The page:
Leap into the Future?
For most, Minority Report set the bar for the future of interaction with computers in new and fantastic ways. Does the Leap Motion Controller deliver on this vision in a way Microsoft’s Kinect for Windows does not? In some regards it comes close, but certainly not for navigating the traditional Windows 8 user interface or even browsing the web with gestures in the air (my main reason for purchasing one). The Leap trumps Kinect for Windows in its ability to track fine grain movements. The Leap’s demonstration of drawing in a virtual painting session with a pencil in the air depicts this.
Leap over the Mouse?
When it comes to performing the equivalent of a tap on a touchscreen or click of the mouse things start to go south with the Leap. It is evident during initial setup and training that the Leap has a dimensional plane that invokes different functions that divide the interface interaction space into two main areas. One area, the “Hover Zone,” is for navigation above and in front of the device. The other is for “touching”. This is done by moving a finger across that imaginary plane. Performing this gesture invokes different actions depending on the application. It is depicted best by this tutorial screen.
The issue with this is how wobbly your hand, and by extension your digits, are when they are unsupported in the air. Pushing into that “Touch Zone” to invoke the desired action is tedious and quickly tiring. Similarly, the gestures for scrolling down a web page are not as easy to reliably execute time and time again. This gesture involves moving your hand in a circle out of the hover zone, down and into the touch zone, and back out again. It’s likely Leap anticipated these issues, because the ability to control the pointer in a respective operating system is not part of the default installation for either Windows or Mac. The applications that enable these functions have some of the worst reviews in the Airspace Store. Just finding them requires browsing the All Free Apps section before you happen upon Touchless for Windows.
Jumping to Other Use Cases
If the Leap cannot deliver the experiences I was hoping it would for navigating the web and my operating systems does it have other redeeming aspects? I loaded up Google Earth and followed the instructions to enable non-mouse control within that application. I found that it too didn’t deliver the seamless navigation demonstrated in previews of the Leap. Not willing to write off the $80 USD investment I purchased one of the highest rated applications, Dropchord for $2.99, and loaded it up.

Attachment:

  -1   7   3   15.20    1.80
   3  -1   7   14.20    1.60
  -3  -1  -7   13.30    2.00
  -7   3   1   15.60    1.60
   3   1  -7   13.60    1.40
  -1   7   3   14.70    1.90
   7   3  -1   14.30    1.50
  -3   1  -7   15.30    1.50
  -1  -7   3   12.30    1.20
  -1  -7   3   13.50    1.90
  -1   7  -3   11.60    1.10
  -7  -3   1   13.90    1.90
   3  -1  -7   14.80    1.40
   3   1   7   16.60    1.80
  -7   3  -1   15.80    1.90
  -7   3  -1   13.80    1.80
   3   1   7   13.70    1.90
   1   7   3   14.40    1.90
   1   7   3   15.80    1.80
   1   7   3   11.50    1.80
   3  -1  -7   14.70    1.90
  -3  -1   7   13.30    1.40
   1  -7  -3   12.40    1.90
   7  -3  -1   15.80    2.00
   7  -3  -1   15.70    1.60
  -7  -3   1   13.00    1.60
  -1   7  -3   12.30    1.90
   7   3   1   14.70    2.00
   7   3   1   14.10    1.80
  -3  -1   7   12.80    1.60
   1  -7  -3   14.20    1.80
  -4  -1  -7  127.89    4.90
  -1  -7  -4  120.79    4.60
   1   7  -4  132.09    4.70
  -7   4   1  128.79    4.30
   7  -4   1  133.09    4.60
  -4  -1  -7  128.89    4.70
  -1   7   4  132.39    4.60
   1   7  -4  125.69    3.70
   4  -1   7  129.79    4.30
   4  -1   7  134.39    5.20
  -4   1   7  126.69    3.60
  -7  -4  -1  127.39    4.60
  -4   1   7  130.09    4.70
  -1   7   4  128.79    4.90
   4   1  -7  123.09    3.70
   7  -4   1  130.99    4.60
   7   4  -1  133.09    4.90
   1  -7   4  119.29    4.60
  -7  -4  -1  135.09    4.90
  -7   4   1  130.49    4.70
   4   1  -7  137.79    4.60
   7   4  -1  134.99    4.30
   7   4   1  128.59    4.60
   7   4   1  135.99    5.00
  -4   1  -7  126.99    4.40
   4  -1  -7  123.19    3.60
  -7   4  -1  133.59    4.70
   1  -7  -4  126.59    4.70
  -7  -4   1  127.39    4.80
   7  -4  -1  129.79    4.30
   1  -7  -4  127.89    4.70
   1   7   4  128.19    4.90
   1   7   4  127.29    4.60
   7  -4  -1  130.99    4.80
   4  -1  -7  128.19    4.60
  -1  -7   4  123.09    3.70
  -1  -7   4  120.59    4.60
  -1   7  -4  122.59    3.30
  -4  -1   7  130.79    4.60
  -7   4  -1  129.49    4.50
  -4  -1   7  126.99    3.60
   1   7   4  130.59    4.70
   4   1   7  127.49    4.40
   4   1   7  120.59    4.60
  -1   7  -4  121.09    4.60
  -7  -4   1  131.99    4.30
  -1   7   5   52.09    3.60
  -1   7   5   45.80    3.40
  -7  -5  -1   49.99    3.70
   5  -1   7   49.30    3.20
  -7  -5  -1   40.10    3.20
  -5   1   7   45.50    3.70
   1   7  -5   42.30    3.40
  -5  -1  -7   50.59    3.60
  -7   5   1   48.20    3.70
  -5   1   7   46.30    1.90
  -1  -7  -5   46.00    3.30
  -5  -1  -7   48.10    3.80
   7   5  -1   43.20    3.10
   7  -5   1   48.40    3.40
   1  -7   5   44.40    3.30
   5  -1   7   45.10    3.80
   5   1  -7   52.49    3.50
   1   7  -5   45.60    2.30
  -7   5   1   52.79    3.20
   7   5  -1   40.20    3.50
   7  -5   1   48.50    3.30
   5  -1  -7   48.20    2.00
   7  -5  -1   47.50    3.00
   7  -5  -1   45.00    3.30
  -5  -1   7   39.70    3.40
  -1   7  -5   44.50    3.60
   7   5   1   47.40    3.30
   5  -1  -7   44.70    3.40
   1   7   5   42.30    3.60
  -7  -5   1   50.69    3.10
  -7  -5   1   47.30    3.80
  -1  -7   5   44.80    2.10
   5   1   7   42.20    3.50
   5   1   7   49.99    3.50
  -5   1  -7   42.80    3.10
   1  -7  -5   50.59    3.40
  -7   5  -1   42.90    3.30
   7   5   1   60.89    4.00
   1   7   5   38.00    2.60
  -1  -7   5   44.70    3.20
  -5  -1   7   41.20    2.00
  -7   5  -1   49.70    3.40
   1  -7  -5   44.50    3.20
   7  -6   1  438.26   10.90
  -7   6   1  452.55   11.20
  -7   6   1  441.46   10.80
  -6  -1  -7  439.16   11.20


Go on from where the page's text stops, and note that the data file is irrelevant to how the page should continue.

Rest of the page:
Within 30 seconds of launching I was relieved to see that this is where the Leap sprung to life and revealed its sweet spot. This game is fun and can be best described as Dance Dance Revolution (DDR) for your fingers mixed with REZ. You point with both index fingers and move them in, out, and around a virtual circle. The game mechanics rely on these movements matched up with a strong track and beat to accompany your successful execution of moves timed to special effects. I look forward to spending more time with this application and challenging my friends and family to competition all while sweating less than when I play DDR.
Novelty or Must-have Tech?
Whether you consider the Leap a novelty or a must-have piece of technology depends on how you plan to use it. More applications and further enhancements coming to operating systems may move the needle on this, though right now it fits squarely in the novelty category. I’m sure there are other compelling things in the Airspace Store to be had, and at a few dollars an application, nothing is too exorbitantly priced to dismiss. The Leap reinforces one of my initial concerns around how usable this, or any new interface hardware, is without great software.
I see the potential for this device, and it is certainly more user friendly to set up in a home computing environment than what the Kinect for Windows is. This is especially true in terms of the area required to operate and how large a footprint the hardware itself consumes. The privacy minded individuals will also like the fact that there is not camera embedded and required for operation in the Leap. I hope for more software tweaks to improve web navigation, and Leap already provided a couple of firmware updates to address issues since launch.
The Leap feels like another small step forward on the journey of computer interactions and what gestures can bring in terms of fresh experiences with applications. I’m just not convinced it is, “….one giant leap for mankind.”